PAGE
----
From ‘to die a tribe and be born a nation’ towards ‘culture, the foundation of a nation’: the shifting politics and aesthetics of Namibian nationalism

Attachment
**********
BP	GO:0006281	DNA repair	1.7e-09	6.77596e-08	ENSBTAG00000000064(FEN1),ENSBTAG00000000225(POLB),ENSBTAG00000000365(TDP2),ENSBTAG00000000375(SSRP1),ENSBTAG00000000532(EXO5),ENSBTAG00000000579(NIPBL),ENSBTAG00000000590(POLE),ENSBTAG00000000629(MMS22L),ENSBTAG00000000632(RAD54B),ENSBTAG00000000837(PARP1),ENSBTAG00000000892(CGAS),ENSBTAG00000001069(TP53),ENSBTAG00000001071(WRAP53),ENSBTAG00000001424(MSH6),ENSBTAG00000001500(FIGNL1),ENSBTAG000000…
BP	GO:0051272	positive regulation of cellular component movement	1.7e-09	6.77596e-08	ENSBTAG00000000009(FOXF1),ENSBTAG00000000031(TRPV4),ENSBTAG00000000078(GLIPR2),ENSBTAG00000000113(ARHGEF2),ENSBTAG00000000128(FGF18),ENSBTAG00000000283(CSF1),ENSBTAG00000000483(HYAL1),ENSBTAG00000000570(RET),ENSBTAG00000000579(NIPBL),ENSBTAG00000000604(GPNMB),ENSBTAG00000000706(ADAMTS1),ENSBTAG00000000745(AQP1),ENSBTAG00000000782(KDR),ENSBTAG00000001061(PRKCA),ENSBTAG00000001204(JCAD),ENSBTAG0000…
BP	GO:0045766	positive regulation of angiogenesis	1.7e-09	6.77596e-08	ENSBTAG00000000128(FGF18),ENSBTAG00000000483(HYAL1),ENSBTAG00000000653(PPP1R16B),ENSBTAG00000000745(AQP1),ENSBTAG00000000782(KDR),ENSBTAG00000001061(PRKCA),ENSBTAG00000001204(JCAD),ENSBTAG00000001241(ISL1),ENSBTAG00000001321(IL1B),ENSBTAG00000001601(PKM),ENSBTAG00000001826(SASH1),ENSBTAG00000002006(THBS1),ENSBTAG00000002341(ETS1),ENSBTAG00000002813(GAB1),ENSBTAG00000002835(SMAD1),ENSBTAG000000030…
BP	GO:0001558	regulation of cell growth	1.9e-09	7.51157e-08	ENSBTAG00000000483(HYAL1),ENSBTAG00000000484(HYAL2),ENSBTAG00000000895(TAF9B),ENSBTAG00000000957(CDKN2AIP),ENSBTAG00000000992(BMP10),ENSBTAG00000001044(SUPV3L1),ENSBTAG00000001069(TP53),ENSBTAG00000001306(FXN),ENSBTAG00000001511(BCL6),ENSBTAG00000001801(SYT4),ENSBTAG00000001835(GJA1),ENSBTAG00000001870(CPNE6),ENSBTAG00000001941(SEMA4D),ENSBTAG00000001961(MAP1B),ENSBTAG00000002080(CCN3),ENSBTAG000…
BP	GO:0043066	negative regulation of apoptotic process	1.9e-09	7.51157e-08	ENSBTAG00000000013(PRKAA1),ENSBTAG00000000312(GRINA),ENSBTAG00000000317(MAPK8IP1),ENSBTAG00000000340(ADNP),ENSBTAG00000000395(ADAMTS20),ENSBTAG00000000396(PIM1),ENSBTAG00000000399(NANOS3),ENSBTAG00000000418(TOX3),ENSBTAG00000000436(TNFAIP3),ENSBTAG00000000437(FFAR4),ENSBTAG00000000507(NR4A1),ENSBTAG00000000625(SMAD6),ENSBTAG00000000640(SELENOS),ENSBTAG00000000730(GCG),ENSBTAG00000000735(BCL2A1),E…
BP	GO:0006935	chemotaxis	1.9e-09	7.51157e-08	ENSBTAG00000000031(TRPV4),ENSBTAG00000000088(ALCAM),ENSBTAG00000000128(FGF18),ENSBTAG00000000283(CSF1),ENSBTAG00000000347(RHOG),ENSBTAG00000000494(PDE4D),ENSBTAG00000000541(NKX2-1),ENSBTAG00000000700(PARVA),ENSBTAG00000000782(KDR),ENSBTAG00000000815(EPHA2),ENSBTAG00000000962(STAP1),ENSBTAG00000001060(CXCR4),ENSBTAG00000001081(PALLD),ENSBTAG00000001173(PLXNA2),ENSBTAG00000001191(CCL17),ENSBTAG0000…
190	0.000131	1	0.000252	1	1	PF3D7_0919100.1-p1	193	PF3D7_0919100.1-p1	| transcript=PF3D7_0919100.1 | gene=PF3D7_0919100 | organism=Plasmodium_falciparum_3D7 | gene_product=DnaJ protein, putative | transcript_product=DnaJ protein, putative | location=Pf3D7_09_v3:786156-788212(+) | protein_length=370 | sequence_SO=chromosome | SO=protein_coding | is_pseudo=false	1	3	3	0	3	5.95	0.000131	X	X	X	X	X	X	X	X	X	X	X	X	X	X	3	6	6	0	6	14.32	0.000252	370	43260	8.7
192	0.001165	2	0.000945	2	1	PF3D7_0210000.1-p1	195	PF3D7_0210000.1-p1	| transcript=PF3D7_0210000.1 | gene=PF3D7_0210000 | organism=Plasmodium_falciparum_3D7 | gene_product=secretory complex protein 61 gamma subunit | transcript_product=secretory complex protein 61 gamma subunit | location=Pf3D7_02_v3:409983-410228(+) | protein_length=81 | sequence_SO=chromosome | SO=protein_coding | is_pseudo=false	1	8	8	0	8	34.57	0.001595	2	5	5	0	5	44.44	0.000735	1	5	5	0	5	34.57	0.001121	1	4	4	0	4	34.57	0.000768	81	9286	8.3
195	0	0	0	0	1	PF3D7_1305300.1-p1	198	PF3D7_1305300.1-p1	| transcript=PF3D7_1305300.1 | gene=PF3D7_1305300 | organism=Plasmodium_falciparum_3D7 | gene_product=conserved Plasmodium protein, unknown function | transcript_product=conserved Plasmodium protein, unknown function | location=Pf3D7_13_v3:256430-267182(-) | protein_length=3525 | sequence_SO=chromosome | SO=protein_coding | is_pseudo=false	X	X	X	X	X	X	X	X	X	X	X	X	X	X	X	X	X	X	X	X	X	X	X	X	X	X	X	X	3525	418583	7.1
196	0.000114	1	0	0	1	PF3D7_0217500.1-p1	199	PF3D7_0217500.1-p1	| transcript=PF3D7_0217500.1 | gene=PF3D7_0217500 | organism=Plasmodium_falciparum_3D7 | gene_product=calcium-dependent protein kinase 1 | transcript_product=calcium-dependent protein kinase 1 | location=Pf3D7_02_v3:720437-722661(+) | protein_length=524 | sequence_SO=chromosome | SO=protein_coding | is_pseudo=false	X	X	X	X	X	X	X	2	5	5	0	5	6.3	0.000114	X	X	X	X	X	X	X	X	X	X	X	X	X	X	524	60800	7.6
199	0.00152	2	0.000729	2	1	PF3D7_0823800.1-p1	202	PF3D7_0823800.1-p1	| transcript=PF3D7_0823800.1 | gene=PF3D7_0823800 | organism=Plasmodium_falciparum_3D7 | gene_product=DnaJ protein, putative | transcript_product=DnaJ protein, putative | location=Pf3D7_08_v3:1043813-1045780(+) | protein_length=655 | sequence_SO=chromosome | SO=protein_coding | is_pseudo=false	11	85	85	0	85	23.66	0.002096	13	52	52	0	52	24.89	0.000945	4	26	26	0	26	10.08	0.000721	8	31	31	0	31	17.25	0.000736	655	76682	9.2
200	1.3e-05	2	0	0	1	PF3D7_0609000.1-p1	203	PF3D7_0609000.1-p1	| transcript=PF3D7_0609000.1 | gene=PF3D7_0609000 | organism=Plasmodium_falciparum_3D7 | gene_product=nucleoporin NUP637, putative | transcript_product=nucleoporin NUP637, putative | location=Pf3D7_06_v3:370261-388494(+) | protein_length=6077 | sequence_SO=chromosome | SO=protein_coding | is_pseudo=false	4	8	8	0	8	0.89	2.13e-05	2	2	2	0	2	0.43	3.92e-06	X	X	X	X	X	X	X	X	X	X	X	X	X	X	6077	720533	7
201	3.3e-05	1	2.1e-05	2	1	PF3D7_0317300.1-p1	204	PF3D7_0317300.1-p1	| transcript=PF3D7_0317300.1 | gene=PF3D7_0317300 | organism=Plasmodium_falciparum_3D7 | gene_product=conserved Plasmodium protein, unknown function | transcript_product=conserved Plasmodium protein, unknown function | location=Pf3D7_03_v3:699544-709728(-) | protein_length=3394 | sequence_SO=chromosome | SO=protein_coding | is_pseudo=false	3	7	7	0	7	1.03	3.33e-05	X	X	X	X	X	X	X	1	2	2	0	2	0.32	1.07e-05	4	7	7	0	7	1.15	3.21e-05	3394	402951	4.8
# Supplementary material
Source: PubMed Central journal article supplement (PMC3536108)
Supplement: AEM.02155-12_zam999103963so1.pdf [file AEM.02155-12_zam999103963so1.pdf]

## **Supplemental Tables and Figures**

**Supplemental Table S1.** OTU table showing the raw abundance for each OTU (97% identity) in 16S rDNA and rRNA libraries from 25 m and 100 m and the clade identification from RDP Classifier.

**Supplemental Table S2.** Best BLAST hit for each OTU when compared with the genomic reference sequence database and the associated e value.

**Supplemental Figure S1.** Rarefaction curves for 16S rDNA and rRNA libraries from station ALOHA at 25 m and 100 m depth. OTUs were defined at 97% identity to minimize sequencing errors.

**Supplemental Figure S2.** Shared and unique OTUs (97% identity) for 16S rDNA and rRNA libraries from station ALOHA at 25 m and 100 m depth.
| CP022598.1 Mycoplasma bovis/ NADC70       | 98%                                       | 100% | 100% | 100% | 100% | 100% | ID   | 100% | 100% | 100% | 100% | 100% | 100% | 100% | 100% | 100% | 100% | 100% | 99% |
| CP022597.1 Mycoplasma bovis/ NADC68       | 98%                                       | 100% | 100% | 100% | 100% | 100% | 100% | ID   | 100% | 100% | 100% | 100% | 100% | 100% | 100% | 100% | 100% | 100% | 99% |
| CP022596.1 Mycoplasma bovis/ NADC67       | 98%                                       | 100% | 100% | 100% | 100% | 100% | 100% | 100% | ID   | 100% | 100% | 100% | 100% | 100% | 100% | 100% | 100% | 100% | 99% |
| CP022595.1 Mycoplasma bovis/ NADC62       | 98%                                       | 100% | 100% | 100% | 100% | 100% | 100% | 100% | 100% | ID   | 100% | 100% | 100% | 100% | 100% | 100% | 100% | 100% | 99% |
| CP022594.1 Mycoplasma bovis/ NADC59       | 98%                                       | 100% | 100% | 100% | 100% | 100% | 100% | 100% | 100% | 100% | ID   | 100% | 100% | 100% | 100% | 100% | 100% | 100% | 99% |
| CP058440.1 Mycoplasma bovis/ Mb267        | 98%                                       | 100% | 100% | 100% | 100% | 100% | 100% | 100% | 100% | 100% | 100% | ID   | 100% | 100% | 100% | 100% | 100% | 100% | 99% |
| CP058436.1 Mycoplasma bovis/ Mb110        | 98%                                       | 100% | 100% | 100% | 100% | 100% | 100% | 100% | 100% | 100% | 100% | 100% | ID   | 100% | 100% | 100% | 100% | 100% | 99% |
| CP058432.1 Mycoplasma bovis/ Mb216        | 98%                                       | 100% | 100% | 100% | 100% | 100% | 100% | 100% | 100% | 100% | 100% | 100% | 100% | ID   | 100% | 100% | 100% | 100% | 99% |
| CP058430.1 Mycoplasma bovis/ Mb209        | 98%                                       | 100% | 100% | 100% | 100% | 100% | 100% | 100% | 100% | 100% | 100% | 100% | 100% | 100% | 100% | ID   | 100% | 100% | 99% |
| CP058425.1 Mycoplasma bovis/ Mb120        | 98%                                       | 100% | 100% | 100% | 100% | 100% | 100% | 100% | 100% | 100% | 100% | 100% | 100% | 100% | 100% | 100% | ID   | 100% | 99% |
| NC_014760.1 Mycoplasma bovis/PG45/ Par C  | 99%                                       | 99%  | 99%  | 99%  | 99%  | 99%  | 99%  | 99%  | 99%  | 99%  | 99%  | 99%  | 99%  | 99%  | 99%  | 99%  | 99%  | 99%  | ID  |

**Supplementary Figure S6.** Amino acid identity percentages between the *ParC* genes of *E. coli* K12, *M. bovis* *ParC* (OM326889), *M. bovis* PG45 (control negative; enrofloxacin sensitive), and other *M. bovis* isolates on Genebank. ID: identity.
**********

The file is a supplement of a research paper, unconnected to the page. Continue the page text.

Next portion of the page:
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Namibia’s postcolonial nationalist imaginary is by no means homogeneous. Overall, however, it is conspicuous that as Namibia celebrates her twenty-fifth anniversary of independence, national identity is no longer defined primarily through the common history of the liberation struggle but through the tolerant accommodation, even wholehearted celebration, of cultural difference. This article attempts to understand the shifting politics and aesthetics of Namibian nationalism from two interconnected angles. On the one hand, it takes a historical perspective; it looks into shifting discourses and practices of nationalism over the past century, starting from the anti- colonial resistance at the turn to the 20th century through to the twenty-fifth anniversary of Namibian independence. On the other hand, the article investigates the cultural redefinition of the bonds between the Namibian people(s), which has been a significant aspect of the constructions of postcolonial Namibian nationhood and citizenship. The argument highlights urban social life and cultural expression and the links between everyday life and political mobilization. It thereby emphasizes the nationalist activism of the developing Black urban culture of the post-World War II era and the internal urban social movements of the 1980s.
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